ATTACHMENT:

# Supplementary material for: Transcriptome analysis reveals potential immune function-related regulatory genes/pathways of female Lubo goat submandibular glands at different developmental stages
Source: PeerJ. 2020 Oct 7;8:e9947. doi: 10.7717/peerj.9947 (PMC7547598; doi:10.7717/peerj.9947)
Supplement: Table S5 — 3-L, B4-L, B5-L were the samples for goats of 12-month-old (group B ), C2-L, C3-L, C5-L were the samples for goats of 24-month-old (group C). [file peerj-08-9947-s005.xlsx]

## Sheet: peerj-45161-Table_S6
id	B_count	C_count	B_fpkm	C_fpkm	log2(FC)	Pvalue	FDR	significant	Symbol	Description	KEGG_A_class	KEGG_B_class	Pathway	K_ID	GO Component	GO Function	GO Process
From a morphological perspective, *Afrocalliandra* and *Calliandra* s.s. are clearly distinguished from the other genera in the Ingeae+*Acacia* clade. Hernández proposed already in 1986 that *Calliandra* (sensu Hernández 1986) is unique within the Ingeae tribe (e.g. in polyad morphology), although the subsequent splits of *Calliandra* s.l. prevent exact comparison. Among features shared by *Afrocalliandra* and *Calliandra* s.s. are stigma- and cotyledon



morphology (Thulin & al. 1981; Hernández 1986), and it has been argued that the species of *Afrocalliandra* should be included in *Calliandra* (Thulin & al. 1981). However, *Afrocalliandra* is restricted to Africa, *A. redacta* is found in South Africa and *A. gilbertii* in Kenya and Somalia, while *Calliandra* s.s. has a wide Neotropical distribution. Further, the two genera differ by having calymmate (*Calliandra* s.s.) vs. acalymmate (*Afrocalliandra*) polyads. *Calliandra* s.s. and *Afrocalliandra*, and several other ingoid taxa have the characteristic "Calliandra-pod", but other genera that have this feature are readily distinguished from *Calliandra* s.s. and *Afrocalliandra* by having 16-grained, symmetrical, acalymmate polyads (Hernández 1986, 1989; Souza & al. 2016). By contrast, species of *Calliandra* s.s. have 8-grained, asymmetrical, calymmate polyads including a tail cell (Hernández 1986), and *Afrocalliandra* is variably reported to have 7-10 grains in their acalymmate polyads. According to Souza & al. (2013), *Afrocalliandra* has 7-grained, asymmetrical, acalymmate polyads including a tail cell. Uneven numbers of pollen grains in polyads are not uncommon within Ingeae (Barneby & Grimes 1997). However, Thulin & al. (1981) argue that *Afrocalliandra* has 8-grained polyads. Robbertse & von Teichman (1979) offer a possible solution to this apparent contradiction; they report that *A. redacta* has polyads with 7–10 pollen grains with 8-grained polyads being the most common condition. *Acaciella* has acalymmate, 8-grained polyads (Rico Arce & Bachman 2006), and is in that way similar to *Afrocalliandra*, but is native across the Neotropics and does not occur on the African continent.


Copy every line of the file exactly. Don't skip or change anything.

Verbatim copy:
# Supplementary material for: Transcriptome analysis reveals potential immune function-related regulatory genes/pathways of female Lubo goat submandibular glands at different developmental stages
Source: PeerJ. 2020 Oct 7;8:e9947. doi: 10.7717/peerj.9947 (PMC7547598; doi:10.7717/peerj.9947)
Supplement: Table S5 — 3-L, B4-L, B5-L were the samples for goats of 12-month-old (group B ), C2-L, C3-L, C5-L were the samples for goats of 24-month-old (group C). [file peerj-08-9947-s005.xlsx]

## Sheet: peerj-45161-Table_S6
id	B_count	C_count	B_fpkm	C_fpkm	log2(FC)	Pvalue	FDR	significant	Symbol	Description	KEGG_A_class	KEGG_B_class	Pathway	K_ID	GO Component	GO Function	GO Process
From a morphological perspective, *Afrocalliandra* and *Calliandra* s.s. are clearly distinguished from the other genera in the Ingeae+*Acacia* clade. Hernández proposed already in 1986 that *Calliandra* (sensu Hernández 1986) is unique within the Ingeae tribe (e.g. in polyad morphology), although the subsequent splits of *Calliandra* s.l. prevent exact comparison. Among features shared by *Afrocalliandra* and *Calliandra* s.s. are stigma- and cotyledon



morphology (Thulin & al. 1981; Hernández 1986), and it has been argued that the species of *Afrocalliandra* should be included in *Calliandra* (Thulin & al. 1981). However, *Afrocalliandra* is restricted to Africa, *A. redacta* is found in South Africa and *A. gilbertii* in Kenya and Somalia, while *Calliandra* s.s. has a wide Neotropical distribution. Further, the two genera differ by having calymmate (*Calliandra* s.s.) vs. acalymmate (*Afrocalliandra*) polyads. *Calliandra* s.s. and *Afrocalliandra*, and several other ingoid taxa have the characteristic "Calliandra-pod", but other genera that have this feature are readily distinguished from *Calliandra* s.s. and *Afrocalliandra* by having 16-grained, symmetrical, acalymmate polyads (Hernández 1986, 1989; Souza & al. 2016). By contrast, species of *Calliandra* s.s. have 8-grained, asymmetrical, calymmate polyads including a tail cell (Hernández 1986), and *Afrocalliandra* is variably reported to have 7-10 grains in their acalymmate polyads. According to Souza & al. (2013), *Afrocalliandra* has 7-grained, asymmetrical, acalymmate polyads including a tail cell. Uneven numbers of pollen grains in polyads are not uncommon within Ingeae (Barneby & Grimes 1997). However, Thulin & al. (1981) argue that *Afrocalliandra* has 8-grained polyads. Robbertse & von Teichman (1979) offer a possible solution to this apparent contradiction; they report that *A. redacta* has polyads with 7–10 pollen grains with 8-grained polyads being the most common condition. *Acaciella* has acalymmate, 8-grained polyads (Rico Arce & Bachman 2006), and is in that way similar to *Afrocalliandra*, but is native across the Neotropics and does not occur on the African continent.